* * *Technique for recording electrical activity in the brain, whose cells emit distinct patterns of rhythmic electrical impulses.Pairs of electrodes on the scalp transmit signals to an electroencephalograph, which records them as peaks and troughs on a tracing called an electroencephalogram (EEG). Different wave patterns on the EEG are associated with normal and abnormal waking and sleeping states. They help diagnose conditions such as tumours, infections, and epilepsy. The electroencephalograph was invented in the 1920s by Hans Berger (1873–1941).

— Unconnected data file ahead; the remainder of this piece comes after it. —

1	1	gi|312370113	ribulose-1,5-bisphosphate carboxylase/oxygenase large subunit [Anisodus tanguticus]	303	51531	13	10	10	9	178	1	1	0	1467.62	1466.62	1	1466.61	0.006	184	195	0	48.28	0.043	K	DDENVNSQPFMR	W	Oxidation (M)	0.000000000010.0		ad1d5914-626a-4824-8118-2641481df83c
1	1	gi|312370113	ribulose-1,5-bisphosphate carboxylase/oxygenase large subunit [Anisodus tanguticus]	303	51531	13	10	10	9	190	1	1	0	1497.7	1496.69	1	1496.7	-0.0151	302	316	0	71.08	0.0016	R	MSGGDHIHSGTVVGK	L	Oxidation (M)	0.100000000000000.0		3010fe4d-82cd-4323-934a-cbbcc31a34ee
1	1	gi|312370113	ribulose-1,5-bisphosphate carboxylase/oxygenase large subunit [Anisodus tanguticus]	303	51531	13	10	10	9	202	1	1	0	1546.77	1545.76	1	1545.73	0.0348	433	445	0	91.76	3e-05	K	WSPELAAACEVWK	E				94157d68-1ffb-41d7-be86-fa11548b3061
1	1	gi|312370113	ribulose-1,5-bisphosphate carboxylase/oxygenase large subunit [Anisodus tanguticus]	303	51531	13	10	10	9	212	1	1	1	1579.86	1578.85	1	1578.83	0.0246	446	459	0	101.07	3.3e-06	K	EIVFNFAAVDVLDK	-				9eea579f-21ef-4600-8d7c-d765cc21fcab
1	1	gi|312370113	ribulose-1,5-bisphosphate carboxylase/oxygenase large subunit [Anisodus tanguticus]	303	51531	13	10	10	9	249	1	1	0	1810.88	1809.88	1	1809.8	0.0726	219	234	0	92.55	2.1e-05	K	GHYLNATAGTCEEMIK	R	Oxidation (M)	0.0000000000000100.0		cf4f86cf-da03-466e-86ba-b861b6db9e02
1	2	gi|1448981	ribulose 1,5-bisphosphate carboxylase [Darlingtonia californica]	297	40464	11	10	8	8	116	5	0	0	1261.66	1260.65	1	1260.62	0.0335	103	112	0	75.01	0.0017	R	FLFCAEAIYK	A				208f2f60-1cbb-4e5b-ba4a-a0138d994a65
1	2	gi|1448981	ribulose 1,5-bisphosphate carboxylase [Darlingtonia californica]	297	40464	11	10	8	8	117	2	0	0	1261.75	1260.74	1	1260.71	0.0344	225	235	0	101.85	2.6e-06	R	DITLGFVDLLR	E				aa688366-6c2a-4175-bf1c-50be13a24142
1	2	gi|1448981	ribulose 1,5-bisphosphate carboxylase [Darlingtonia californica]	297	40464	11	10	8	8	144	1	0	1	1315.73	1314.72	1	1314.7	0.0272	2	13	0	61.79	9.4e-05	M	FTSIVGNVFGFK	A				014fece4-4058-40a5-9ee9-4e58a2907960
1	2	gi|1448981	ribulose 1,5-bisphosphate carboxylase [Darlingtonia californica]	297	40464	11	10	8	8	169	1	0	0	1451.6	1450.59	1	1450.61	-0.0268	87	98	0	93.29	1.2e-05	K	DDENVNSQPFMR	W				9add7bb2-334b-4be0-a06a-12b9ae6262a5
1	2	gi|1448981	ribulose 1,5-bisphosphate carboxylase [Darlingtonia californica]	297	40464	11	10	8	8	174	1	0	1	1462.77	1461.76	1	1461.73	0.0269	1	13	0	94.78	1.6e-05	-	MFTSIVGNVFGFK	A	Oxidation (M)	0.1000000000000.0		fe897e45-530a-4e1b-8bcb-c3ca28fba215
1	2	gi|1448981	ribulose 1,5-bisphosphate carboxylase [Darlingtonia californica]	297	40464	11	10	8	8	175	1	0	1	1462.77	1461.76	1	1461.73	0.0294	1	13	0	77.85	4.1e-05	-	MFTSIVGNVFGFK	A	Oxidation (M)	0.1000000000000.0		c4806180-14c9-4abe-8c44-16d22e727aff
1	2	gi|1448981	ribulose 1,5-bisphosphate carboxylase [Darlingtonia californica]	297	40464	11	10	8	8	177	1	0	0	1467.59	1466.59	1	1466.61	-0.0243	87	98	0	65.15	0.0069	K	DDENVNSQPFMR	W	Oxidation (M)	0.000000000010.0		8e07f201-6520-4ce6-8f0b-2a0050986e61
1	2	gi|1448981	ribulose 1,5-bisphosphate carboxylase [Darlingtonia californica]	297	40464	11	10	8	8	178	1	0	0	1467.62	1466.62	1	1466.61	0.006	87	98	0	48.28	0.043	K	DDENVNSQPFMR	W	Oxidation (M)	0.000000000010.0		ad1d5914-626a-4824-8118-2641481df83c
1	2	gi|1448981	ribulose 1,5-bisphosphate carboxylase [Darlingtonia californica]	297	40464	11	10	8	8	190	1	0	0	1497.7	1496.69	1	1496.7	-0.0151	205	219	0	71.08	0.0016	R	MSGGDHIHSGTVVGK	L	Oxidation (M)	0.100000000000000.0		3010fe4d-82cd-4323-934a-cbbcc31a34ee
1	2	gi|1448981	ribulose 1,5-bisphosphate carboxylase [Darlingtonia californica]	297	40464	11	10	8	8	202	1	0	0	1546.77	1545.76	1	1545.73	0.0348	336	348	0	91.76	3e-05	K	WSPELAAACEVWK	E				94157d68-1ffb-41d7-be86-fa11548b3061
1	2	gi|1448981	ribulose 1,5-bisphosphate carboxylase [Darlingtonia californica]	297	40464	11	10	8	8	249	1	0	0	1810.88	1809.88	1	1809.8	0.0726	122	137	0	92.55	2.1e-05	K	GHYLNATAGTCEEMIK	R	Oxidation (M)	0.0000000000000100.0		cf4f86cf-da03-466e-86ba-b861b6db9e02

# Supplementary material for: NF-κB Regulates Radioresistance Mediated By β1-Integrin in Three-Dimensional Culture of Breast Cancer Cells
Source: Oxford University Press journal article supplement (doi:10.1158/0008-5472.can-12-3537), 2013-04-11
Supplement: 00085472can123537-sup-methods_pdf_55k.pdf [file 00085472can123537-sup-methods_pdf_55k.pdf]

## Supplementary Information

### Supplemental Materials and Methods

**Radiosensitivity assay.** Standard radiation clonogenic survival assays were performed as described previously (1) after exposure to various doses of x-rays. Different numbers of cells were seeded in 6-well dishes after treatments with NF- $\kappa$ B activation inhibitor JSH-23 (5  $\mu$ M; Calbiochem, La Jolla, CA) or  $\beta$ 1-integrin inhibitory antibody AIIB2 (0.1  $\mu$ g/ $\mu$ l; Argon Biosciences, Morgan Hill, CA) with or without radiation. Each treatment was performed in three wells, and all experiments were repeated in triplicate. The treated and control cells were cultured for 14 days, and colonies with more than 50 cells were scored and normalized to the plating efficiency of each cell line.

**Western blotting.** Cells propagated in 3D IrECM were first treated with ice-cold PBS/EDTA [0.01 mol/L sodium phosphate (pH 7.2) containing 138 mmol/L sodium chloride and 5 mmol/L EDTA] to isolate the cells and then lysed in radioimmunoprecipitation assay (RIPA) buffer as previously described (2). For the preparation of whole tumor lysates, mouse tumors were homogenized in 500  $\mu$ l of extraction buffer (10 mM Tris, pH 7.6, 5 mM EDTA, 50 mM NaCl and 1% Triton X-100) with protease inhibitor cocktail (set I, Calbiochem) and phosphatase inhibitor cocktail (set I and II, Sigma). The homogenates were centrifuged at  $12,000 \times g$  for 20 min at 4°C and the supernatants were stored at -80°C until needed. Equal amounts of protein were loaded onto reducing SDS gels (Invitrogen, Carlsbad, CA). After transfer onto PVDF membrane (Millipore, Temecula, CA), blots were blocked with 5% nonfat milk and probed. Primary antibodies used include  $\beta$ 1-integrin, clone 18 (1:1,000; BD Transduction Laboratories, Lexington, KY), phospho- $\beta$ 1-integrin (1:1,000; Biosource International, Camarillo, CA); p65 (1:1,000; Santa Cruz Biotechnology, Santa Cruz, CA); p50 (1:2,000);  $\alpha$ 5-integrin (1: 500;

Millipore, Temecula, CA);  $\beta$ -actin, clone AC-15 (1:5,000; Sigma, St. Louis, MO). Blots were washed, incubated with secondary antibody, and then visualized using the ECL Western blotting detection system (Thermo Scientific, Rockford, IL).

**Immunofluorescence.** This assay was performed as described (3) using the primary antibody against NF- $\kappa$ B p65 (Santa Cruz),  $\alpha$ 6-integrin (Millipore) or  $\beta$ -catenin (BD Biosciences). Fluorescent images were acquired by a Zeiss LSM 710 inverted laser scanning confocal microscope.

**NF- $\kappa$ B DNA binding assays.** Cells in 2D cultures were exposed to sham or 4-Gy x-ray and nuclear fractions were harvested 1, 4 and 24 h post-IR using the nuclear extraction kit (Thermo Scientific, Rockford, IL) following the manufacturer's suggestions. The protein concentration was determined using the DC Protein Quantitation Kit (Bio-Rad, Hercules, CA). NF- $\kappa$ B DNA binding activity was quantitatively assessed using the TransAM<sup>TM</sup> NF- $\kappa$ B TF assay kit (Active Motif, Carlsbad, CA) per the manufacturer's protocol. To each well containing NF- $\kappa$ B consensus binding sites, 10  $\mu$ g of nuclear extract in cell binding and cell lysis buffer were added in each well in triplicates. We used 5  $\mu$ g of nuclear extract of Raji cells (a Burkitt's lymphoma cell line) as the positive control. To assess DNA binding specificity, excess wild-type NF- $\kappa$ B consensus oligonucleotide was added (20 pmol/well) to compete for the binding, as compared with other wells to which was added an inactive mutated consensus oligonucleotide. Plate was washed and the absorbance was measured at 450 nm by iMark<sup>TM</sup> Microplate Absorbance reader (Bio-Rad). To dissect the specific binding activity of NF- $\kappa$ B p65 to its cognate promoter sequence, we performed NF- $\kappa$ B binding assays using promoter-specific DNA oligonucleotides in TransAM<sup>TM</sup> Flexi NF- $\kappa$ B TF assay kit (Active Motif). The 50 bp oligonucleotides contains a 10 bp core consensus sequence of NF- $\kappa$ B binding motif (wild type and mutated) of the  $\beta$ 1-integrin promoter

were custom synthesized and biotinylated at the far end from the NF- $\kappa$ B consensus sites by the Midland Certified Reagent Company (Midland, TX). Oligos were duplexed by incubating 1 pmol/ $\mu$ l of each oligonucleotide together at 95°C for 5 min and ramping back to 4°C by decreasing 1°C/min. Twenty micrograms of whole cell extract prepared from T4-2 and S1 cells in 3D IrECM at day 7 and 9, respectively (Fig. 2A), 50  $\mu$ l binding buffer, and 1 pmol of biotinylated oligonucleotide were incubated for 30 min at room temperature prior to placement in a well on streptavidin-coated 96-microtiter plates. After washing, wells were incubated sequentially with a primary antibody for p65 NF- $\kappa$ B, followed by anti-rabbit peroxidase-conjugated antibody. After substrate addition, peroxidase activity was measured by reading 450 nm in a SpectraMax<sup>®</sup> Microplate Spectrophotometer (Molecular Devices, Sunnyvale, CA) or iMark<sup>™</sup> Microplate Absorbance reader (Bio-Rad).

* * *▪ medicinetechnique for recording and interpreting the electrical activity of the brain. The nerve cells of the brain generate electrical impulses that fluctuate rhythmically in distinct patterns. In 1929 Hans Berger of Germany developed an electroencephalograph, an instrument that measures and records these brain wave patterns. The recording produced by such an instrument is called an electroencephalogram, commonly abbreviated EEG.To make an EEG, electrodes (electrode) are placed in pairs on the scalp. Each pair of electrodes transmits a signal to one of several recording channels of the electroencephalograph. This signal consists of the difference in the voltage between the pair. The rhythmic fluctuation of this potential difference is shown as peaks and troughs on a line graph by the recording channel. The EEG of a normal adult in a fully conscious but relaxed state is made up of regularly recurring oscillating waves known as alpha waves. When a person is excited or startled, the alpha waves are replaced by low-voltage, rapid, irregular waves. During sleep, the brain waves become extremely slow. Such is also the case when a person is in a deep coma. Other abnormal conditions are associated with particular EEG patterns. Irregular slow waves known as delta waves, for example, arise from the vicinity of a localized area of brain damage.Electroencephalography provides a means of studying how the brain works and of tracing connections between one part of the central nervous system and another. Its effectiveness as a research tool, however, is limited because it records only a small sample of electrical activity from the surface of the brain. Many of the more complex functions of the brain, such as those that underlie emotions and thought, cannot be related closely to EEG patterns. Electroencephalography has proved more useful as a diagnostic aid in cases of serious head injuries, brain tumours, cerebral infections, epilepsy, and various degenerative diseases of the nervous system.
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